The people most harmed by the minimum wage hike will be minority youths, who especially need entry-level jobs. Entry-level jobs introduce people to the habits required in the workplace and allow them to gain the skills to move up. There will simply be fewer of these jobs. Even the Los Angeles Times, no bastion of conservatism, in a recent story on four likely consequences of the minimum wage hike, acknowledged that hikes in the minimum wage "could hurt opportunities, especially for black teenagers, one of the most vulnerable groups in America." The newspaper cited an unemployment rate of twenty-five percent for black youths aged sixteen to nineteen, compared to nearly fourteen percent for white youth and nearly sixteen percent for Latino youths.
Supply side economist Arthur Laffer was quoted on the tie-in to high crime and youth unemployment. "If policymakers blame high crime in cities such as Chicago on steep poverty and unemployment, Laffer asked, should they still advocate for a high minimum wage that might reduce jobs for the youth and exacerbate social problems?"
Another irony is that the new wage hike sets up a situation that, in many instances, will force many employers to pay higher wages to the inferior workers! Workers who get tips will see their base pay go from the current $2.77 an hour to $5 an hour, but employers will be required to make up the difference to reach $15 an hour, counting tips. Less able employees, the ones who do not give the kind of service that gets high tips, will actually become more expensive to hire than the best workers.
It is easy to imagine that tipped workers who do a middling job at first, but in the past held onto their jobs long enough to improve and earn more, won't get that chance under the new regime: they'll be too expensive and won’t be hired or will be quickly let go. The hotshot wait staff will simply serve larger areas and young people who might have gotten a toehold will be denied.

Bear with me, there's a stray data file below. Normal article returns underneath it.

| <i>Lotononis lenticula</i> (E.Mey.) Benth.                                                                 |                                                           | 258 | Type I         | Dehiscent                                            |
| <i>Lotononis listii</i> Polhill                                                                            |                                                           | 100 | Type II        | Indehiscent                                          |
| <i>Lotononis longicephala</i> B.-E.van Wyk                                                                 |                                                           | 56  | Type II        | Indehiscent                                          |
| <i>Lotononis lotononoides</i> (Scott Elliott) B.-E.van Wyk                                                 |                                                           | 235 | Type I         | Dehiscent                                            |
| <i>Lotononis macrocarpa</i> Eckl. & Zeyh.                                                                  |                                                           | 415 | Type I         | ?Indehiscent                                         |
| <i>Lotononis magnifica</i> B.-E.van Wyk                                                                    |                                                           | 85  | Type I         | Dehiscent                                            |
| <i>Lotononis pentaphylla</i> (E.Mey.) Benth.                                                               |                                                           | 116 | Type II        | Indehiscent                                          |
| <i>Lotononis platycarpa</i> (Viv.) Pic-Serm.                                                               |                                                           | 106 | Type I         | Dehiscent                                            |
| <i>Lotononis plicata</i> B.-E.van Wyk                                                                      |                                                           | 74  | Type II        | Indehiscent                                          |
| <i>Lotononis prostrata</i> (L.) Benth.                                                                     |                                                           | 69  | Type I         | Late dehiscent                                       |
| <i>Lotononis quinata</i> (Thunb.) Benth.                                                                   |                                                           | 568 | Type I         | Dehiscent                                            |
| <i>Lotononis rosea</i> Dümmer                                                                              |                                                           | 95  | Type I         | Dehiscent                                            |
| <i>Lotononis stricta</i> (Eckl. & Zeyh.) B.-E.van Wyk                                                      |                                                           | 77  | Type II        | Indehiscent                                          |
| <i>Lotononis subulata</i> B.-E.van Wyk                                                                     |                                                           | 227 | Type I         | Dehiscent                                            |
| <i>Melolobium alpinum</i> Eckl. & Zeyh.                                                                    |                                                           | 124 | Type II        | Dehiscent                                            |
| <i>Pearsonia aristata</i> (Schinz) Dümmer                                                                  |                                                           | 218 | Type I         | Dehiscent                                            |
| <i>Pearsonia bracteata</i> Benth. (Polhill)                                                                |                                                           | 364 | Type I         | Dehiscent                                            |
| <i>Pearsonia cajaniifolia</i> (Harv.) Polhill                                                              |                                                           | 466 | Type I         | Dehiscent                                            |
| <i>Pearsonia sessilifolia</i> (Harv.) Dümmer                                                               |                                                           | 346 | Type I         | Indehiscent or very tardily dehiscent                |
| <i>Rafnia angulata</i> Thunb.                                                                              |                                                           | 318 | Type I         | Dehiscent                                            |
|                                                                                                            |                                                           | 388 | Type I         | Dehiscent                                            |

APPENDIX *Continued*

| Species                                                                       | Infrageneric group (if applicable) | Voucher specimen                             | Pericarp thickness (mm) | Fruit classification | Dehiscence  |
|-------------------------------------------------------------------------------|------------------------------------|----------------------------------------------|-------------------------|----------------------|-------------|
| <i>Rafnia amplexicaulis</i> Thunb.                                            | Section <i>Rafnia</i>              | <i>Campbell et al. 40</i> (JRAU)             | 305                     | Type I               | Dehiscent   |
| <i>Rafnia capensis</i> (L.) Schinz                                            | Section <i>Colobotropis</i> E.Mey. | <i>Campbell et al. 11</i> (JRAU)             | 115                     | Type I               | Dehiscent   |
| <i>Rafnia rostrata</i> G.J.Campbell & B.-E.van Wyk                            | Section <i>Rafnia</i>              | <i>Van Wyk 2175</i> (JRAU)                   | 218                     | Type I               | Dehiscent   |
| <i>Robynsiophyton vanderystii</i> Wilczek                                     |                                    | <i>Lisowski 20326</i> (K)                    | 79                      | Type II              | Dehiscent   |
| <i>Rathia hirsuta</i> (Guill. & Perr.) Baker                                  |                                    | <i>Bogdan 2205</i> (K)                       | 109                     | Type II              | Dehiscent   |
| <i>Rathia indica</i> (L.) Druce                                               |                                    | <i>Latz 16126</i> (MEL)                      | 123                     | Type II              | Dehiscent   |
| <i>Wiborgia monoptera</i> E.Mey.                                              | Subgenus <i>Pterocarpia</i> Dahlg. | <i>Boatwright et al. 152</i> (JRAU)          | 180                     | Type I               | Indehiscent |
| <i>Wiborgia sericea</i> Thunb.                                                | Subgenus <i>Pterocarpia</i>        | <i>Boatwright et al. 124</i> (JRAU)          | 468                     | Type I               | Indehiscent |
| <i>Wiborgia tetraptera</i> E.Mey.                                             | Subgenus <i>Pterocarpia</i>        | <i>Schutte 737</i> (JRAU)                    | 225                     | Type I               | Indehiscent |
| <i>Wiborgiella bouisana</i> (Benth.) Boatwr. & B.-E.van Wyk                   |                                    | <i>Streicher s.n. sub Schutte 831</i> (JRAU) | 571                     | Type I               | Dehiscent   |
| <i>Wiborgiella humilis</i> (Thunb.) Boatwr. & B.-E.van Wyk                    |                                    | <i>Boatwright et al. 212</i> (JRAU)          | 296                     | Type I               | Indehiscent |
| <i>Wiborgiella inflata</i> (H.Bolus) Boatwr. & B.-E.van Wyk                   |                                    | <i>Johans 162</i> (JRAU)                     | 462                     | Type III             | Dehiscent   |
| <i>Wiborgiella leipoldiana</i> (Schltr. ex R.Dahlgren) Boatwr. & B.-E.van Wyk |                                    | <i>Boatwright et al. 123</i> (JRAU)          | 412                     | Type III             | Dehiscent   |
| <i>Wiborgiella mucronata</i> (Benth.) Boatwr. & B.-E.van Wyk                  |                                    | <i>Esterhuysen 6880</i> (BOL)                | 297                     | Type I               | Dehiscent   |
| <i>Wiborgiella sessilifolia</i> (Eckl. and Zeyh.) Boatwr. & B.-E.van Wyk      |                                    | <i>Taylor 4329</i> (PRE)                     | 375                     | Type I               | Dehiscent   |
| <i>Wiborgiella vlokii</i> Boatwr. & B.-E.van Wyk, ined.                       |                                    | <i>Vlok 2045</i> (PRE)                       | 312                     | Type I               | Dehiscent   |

Advocates of drastic minimum wage hikes simply refuse to recognize the effect on the job market–indeed, the economist Walter Williams in the past has warned that one reason advocates want future increases tied to inflation is that this automatic hike will prevent consideration of the effects that would come with further public debate.
It is easy to see the rhetorical appeal of a minimum wage hike to $15 an hour–after all, we, as decent people, want workers to make as much as they can and be able to provide themselves with decent living arrangements (as long as this doesn't mean our favorite fancy restaurant has suddenly become prohibitively expensive!).
What is reprehensible is that political leaders, caught up in slogans and the desire to be re-elected, refuse to see that the minimum wage is going to provide job enrichment mostly for one category of people: politicians. No, Mr. Contreras, having one of the highest minimum wages in the nation is not going to "help dig men and women out of poverty.”
That is a talking point. The reality is, sadly, different.